12 Facts About Alice Bailly


Alice Bailly was a Swiss avant-garde painter, known for her interpretations on cubism, fauvism, futurism, her wool paintings, and her participation in the Dada movement.

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In 1906, Alice Bailly had settled in Paris where she befriended Juan Gris, Francis Picabia, and Marie Laurencin, avant-garde modernist painters who influenced her works and her later life.

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Alice Bailly's was born to a modestly situated family in Geneva, Switzerland.

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Alice Bailly's believed that the purpose of the school was to develop her individual talent, not introduce their ideas to her.

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Alice Bailly's won a scholarship to study in Munich, Germany, but after a disastrous and short lived stint in class she spent the rest of her time studying Rubens, Van Dyck, and other master artists at the Munich Art Gallery.

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Alice Bailly spent a couple of years back in Geneva, working on painting and wood engraving .

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In 1904, at the age of thirty-two, Alice Bailly moved to Paris, where she befriended a number of notable modernist painters such as Juan Gris, Francis Picabia, Albert Gleizes, Jean Metzinger, Fernand Leger, Sonia Lewitska and Marie Laurencin.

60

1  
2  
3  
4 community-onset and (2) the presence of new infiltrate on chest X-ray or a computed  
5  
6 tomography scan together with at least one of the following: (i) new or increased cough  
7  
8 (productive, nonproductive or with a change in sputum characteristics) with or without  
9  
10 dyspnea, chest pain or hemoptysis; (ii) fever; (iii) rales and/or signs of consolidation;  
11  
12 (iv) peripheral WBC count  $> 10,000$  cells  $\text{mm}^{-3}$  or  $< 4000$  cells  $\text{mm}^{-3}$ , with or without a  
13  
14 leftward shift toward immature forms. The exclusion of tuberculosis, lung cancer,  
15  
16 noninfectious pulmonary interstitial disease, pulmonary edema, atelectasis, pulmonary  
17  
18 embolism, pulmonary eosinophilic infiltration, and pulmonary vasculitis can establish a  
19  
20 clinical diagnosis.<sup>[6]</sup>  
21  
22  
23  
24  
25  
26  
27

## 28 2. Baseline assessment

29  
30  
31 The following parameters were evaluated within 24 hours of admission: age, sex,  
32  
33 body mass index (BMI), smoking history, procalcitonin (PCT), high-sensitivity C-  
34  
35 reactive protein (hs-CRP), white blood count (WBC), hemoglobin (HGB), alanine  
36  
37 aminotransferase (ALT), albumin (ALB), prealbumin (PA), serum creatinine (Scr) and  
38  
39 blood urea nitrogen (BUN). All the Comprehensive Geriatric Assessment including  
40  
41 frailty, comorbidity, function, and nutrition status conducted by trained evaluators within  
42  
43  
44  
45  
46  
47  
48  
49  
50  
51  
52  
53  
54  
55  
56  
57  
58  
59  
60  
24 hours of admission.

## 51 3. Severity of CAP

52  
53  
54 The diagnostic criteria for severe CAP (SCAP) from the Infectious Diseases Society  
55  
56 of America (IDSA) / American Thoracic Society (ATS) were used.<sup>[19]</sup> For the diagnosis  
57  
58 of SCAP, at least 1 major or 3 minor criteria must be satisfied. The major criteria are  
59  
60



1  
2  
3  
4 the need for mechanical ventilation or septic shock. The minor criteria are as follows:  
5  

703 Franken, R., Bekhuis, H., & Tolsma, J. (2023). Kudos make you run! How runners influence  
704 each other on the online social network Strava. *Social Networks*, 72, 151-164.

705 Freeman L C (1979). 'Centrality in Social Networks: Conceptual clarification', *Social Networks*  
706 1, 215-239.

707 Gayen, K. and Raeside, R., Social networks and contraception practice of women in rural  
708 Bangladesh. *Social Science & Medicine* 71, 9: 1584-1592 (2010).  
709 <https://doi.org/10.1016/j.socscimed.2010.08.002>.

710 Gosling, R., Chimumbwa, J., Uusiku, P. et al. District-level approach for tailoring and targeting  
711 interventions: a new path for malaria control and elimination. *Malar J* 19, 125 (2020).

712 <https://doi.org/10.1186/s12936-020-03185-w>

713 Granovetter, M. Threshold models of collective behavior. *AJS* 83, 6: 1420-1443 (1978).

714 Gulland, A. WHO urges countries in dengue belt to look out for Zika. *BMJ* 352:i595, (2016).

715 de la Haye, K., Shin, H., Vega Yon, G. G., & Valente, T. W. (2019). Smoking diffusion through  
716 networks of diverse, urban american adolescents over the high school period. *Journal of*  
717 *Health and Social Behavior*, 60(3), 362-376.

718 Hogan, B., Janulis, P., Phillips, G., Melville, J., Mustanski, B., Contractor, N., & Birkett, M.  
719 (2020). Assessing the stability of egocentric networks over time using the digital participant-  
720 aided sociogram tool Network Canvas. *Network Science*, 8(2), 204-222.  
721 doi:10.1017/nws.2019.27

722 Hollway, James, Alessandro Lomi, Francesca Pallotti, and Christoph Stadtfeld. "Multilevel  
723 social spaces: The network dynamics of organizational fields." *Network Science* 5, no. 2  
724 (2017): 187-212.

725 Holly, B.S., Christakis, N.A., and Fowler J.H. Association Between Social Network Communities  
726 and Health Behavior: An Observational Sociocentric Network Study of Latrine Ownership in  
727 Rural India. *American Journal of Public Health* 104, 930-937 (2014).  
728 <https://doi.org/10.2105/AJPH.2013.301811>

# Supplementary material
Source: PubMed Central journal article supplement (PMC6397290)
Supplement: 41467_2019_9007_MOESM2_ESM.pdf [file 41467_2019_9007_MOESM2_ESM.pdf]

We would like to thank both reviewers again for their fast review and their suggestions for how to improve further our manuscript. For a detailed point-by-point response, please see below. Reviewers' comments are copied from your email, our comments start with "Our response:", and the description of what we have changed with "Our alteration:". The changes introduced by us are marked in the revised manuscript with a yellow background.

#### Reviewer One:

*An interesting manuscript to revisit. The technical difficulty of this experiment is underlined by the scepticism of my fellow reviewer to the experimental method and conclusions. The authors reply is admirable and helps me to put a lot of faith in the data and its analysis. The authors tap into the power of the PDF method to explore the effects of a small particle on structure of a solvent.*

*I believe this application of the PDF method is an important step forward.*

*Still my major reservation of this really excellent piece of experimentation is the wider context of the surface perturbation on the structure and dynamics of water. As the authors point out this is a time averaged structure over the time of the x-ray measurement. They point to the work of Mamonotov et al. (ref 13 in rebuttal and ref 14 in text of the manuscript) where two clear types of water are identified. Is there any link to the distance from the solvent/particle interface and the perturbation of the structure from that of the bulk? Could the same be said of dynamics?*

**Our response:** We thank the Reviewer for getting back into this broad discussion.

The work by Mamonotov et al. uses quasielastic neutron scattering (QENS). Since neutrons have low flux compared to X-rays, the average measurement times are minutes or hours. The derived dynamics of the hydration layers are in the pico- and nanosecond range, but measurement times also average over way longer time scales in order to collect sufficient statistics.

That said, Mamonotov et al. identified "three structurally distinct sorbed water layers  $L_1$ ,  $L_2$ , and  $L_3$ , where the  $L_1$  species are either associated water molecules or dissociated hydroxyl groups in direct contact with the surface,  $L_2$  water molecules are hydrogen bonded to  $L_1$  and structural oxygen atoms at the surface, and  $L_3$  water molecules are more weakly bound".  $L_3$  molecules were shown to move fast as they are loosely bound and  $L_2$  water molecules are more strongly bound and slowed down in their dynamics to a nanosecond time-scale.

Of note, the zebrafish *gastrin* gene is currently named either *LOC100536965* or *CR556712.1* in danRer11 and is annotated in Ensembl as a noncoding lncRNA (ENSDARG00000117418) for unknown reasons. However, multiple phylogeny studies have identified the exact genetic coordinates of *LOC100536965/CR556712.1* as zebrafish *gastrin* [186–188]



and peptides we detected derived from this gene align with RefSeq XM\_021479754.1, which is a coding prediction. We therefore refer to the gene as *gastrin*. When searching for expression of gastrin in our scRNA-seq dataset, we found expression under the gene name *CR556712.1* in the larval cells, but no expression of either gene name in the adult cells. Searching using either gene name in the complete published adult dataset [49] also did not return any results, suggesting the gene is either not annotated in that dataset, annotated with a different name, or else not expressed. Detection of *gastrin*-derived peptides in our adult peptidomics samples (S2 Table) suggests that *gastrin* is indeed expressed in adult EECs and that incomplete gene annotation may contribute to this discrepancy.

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The following year Alice Bailly was invited to spend a couple of weeks at the Villa Medicis-Libre, a sanctuary for artists that had not had the privilege of having a formal arts education in Rome.

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In 1912, Alice Bailly's work was chosen to represent Swiss artists in an exhibit that traveled through Russia, England, and Spain.

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At the start of World War I, Alice Bailly returned to her native country of Switzerland and invented her signature "wool paintings, " which were her own variations of Cubism.

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Alice Bailly's made about 50 of these wool paintings between 1913 and 1922.

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Alice Bailly was regularly exhibited in the society, along with many other female artists specializing in cubism.

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